Polley comes up big, but 1 rush too many leaves a sour taste

Blocked punt a highlight, but blitz causes injury to knee, ending his night


January 05, 2000|By Don Markus | Don Markus,SUN STAFF

NEW ORLEANS -- Florida State linebacker Tommy Polley had pointed for the past month to last night's Sugar Bowl national-championship game against Virginia Tech.

It was not only to reverse what happened to the Seminoles last year against Tennessee in the Fiesta Bowl, but to redeem himself for what the redshirt junior from Baltimore had considered a lackluster performance.

Everything was going well for the former Dunbar High School star throughout the first 20 minutes of Florida State's 46-29 victory.

Maybe too well.

After making a couple of early tackles, Polley blew through untouched and blocked a punt by Jimmy Kibble in the Virginia Tech end zone that was picked up and returned four yards by Jeff Chaney for a Florida State touchdown. It gave the Seminoles a 14-0 lead.

"I knew I had a chance to get it," said Polley, who had blocked a punt earlier in the season against Florida, as well as a field-goal attempt against Miami. "It felt great."

It was to be the last big play Polley made all night.

Early in the second quarter, Polley went to rush Virginia Tech quarterback Michael Vick on a blitz. He planted his left knee, and collapsed to the turf. He came out of the game with what was initially described as sprained left knee.

Polley did not return, and said the knee will be examined further when the team returns to Tallahassee today. He said there was a chance he might have torn a ligament.

"It's bittersweet," Polley said as he limped along the sideline in the waning moments of the game. "But God works in mysterious ways. He has a plan. Now I just have to get my knee better."

It was a frustrating end to Polley's best season at Florida State. He had been injury-free for the first time in his career, led the Seminoles in tackles and was named first-team All-Atlantic Coast Conference.

After leaving the game, he sat on a chair next to the bench. He returned in the second half, spending most of his time playing cheerleader. When the final gun sounded and his teammates ran into the middle of the field, Polley merely waved a towel to exhort the crowd.

Athletic director Dave Hart came over and gave Polley a hug.

"I'm happy that we won," Polley said. "I just wish I could have played the whole game."

Weinke rates an `A'

While Polley didn't quite complete his redemption, Chris Weinke did. The fourth-year Florida State junior quarterback, who sat out last year's national-championship game after sustaining a season-ending, career-threatening neck injury, was superb last night.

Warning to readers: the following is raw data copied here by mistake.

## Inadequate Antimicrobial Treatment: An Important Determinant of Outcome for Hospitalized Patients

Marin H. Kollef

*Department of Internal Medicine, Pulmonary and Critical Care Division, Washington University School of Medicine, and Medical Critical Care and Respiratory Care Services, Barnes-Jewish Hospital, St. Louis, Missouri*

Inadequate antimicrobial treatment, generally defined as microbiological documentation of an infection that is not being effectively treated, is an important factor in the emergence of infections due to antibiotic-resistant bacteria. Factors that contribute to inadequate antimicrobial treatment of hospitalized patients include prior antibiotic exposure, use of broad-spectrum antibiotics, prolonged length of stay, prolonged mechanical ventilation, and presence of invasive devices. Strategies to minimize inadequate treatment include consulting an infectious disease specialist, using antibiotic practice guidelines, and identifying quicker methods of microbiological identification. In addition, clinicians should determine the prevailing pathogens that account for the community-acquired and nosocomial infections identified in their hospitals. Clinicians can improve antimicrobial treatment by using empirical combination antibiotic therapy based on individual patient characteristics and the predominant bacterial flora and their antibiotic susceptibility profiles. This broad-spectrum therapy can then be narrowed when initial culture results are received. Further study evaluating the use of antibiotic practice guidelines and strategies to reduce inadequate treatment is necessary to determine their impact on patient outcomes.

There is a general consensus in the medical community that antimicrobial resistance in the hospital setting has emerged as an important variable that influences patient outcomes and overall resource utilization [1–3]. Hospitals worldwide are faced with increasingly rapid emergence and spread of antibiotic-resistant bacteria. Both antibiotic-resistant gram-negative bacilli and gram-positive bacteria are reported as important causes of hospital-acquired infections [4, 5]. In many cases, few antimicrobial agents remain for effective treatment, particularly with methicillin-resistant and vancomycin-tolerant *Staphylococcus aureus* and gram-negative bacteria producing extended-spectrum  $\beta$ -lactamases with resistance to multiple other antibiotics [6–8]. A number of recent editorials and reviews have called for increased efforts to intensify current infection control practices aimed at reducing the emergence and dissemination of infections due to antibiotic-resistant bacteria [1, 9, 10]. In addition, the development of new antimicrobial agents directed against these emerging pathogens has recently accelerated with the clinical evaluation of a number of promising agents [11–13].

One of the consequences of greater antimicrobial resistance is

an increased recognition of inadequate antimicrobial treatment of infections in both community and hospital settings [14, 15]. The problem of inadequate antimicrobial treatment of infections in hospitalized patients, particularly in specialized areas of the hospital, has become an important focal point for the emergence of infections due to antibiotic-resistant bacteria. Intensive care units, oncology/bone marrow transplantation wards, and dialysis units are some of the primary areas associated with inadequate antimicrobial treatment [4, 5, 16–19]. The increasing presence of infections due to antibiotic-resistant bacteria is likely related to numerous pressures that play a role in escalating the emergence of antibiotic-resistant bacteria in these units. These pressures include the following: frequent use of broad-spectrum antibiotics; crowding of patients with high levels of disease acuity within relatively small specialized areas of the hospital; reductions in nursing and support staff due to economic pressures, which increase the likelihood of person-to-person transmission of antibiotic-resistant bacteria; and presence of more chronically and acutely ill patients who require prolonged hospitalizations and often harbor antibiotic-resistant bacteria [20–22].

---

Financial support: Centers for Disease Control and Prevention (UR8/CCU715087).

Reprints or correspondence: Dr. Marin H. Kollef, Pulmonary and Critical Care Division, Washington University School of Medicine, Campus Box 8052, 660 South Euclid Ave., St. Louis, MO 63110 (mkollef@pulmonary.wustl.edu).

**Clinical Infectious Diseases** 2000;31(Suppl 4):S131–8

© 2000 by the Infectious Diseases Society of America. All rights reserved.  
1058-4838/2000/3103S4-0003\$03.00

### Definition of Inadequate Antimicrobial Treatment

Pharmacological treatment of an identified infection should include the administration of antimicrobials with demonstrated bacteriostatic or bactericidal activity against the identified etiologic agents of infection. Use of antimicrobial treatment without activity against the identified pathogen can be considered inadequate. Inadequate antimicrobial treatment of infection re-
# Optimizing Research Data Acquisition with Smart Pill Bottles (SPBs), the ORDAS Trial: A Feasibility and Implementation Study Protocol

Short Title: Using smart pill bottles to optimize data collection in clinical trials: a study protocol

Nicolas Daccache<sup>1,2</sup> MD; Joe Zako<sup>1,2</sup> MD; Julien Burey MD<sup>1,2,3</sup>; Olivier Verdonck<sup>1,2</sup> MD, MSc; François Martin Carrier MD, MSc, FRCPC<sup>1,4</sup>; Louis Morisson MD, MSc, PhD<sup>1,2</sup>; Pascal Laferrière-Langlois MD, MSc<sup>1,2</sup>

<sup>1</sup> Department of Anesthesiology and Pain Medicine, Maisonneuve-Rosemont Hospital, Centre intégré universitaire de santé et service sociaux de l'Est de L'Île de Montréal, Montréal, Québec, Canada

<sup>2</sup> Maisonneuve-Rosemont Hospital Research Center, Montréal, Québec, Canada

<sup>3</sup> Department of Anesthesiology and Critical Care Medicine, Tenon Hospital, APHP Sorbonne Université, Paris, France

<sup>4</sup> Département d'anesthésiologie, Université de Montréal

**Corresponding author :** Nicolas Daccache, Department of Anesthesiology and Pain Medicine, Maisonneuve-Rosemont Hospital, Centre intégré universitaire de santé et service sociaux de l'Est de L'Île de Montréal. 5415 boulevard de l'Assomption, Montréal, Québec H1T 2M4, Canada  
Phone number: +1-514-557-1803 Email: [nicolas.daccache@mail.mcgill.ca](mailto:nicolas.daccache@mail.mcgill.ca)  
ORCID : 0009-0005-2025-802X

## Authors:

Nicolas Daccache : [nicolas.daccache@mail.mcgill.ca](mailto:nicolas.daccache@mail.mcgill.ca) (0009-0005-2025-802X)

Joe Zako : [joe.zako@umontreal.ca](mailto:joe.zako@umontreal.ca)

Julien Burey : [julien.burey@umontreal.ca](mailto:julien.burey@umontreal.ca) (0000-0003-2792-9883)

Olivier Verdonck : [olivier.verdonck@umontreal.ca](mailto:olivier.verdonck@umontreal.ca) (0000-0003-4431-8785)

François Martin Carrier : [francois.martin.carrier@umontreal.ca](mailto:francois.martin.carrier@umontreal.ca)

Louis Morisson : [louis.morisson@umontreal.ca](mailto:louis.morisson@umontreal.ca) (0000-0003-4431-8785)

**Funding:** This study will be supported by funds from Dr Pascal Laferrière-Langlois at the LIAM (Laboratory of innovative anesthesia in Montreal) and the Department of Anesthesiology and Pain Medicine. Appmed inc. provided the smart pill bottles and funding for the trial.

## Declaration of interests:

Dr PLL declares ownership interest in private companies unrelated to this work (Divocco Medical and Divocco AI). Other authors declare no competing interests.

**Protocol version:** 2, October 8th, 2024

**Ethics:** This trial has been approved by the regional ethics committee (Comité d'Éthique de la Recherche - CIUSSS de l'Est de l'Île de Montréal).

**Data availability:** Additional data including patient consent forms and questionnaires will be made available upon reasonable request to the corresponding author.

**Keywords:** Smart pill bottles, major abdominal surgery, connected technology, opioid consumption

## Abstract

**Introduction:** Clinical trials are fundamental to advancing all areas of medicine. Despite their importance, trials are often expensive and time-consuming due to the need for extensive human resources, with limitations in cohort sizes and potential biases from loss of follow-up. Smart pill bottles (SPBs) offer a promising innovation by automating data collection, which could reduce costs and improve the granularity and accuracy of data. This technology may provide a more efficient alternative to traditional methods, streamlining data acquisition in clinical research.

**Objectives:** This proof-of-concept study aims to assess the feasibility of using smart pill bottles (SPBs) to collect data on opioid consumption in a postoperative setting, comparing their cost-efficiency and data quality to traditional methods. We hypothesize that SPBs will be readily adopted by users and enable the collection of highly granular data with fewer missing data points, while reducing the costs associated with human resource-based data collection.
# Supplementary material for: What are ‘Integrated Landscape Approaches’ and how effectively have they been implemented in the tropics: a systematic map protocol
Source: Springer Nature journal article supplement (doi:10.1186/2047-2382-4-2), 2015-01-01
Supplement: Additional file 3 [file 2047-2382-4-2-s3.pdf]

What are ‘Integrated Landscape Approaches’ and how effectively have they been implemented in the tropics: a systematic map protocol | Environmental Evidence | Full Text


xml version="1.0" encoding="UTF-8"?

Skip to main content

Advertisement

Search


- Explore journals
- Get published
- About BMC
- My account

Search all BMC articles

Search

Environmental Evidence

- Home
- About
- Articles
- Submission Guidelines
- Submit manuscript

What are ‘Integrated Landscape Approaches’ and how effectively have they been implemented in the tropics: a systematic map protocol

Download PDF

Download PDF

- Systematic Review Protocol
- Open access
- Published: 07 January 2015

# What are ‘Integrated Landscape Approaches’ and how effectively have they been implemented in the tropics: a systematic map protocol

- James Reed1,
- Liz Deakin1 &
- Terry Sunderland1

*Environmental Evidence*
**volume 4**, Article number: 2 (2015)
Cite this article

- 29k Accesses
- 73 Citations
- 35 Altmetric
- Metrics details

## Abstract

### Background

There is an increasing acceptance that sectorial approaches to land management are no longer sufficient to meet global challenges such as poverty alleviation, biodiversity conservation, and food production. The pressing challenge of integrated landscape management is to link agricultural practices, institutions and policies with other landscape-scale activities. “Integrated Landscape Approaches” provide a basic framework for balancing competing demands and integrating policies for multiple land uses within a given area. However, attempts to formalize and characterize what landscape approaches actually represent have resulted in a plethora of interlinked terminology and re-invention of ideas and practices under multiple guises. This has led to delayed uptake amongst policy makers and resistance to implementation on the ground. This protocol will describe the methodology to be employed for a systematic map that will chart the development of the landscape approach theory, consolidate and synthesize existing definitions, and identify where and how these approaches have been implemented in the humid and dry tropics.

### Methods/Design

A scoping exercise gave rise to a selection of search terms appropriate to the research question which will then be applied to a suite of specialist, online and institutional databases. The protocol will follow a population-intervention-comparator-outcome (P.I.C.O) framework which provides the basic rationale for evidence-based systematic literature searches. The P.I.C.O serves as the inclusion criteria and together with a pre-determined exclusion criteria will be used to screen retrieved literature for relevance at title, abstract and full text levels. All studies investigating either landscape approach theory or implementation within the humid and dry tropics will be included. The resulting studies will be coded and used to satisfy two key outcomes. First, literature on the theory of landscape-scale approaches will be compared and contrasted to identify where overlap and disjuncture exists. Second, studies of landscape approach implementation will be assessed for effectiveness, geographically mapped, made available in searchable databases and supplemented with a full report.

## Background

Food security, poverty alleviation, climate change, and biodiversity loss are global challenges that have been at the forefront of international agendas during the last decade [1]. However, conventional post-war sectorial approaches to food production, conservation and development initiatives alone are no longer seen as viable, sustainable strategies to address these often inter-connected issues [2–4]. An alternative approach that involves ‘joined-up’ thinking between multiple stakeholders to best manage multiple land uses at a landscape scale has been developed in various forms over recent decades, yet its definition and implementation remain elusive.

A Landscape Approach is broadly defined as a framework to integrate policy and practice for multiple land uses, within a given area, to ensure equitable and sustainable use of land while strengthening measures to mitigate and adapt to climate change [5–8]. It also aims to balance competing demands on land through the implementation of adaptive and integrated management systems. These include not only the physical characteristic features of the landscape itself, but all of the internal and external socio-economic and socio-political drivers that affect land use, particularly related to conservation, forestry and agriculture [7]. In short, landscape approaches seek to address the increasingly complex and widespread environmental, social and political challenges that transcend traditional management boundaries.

Helped by an offensive line that neutralized Virginia Tech's potent rush, and throwing to a stable of marvelous receivers, Weinke completed 20 of 34 passes for 329 yards. He threw four touchdown passes and had one interception for the night.

"Personally, this is something I've been waiting for," said Weinke, who now must decide whether or not to come back for his fifth year.

Asked about the future, the 27-year-old former Toronto Blue Jays farmhand apparently will turn pro.

"I do have a few days to sit down and decide," he said. "What a great way to go out, but there's a lot of things out there for me."

Moore stopped cold

Virginia Tech's Corey Moore, the Big East's Defensive Player of the Year the past two years, was credited with making only one tackle the whole game.

Moore was constantly double-teamed, and redshirt Seminoles freshman Brett Williams did a wonderful job of keeping Moore from getting anywhere near Weinke.

Presidential call

Hokies coach Frank Beamer said that he received a call from President Clinton after the game.

"It's great that the president of the United States took the time to call the coach of the losing team," said Beamer.

$500,000 completion

Bob Modernak, who spent 30 years as a teacher and administrator in a Colorado school system before retiring last August, won $500,000 in a halftime contest sponsored by Nokia.

After being tutored by retired Washington Redskins quarterback Joe Theismann, Modernak made a 15-yard throw through a target. He could have made up to $2 million had Theismann connected on all four of his throws. Theismann made one.

Ticket takers

Sugar Bowl officials estimated the crowd outside the Superdome before kickoff at 120,000. There were about 73,000 seats for the game, leaving ticket-sellers with a brisk business.

Scalping is illegal in New Orleans, punishable by up to three months in jail and a $500 fine, and undercover officers were working the area. Buyers and sellers, however, did not seem intimidated.

Tickets with a face value of $85 were selling for as much as $600, according to some buyers outside the Superdome. Tickets in prime locations were reportedly selling for as much as $1,500 earlier in the week.

Underdog's game

Being the underdog at the Sugar Bowl has paid off in the past when No. 1 and No. 2 have squared off. In the first three such meetings, No. 2 won.

No. 2 Alabama beat No. 1 Penn State, 14-7, in 1979; No. 2 Penn State beat No. 1 Georgia, 27-23, in 1983; and No. 2 Alabama beat No. 1 Miami, 34-13, in 1993.

Florida was No. 3 when it beat No. 1 Florida State, 52-20, for the national title in 1997.

Bonus boys

Winning paid off for both coaches. Virginia Tech's Frank Beamer received three months' salary, about $45,000, for making it to the game; had he won, he would have received another $100,000. Florida State coach Bobby Bowden got a $75,000 bonus, win or lose.

The Associated Press contributed to this article.

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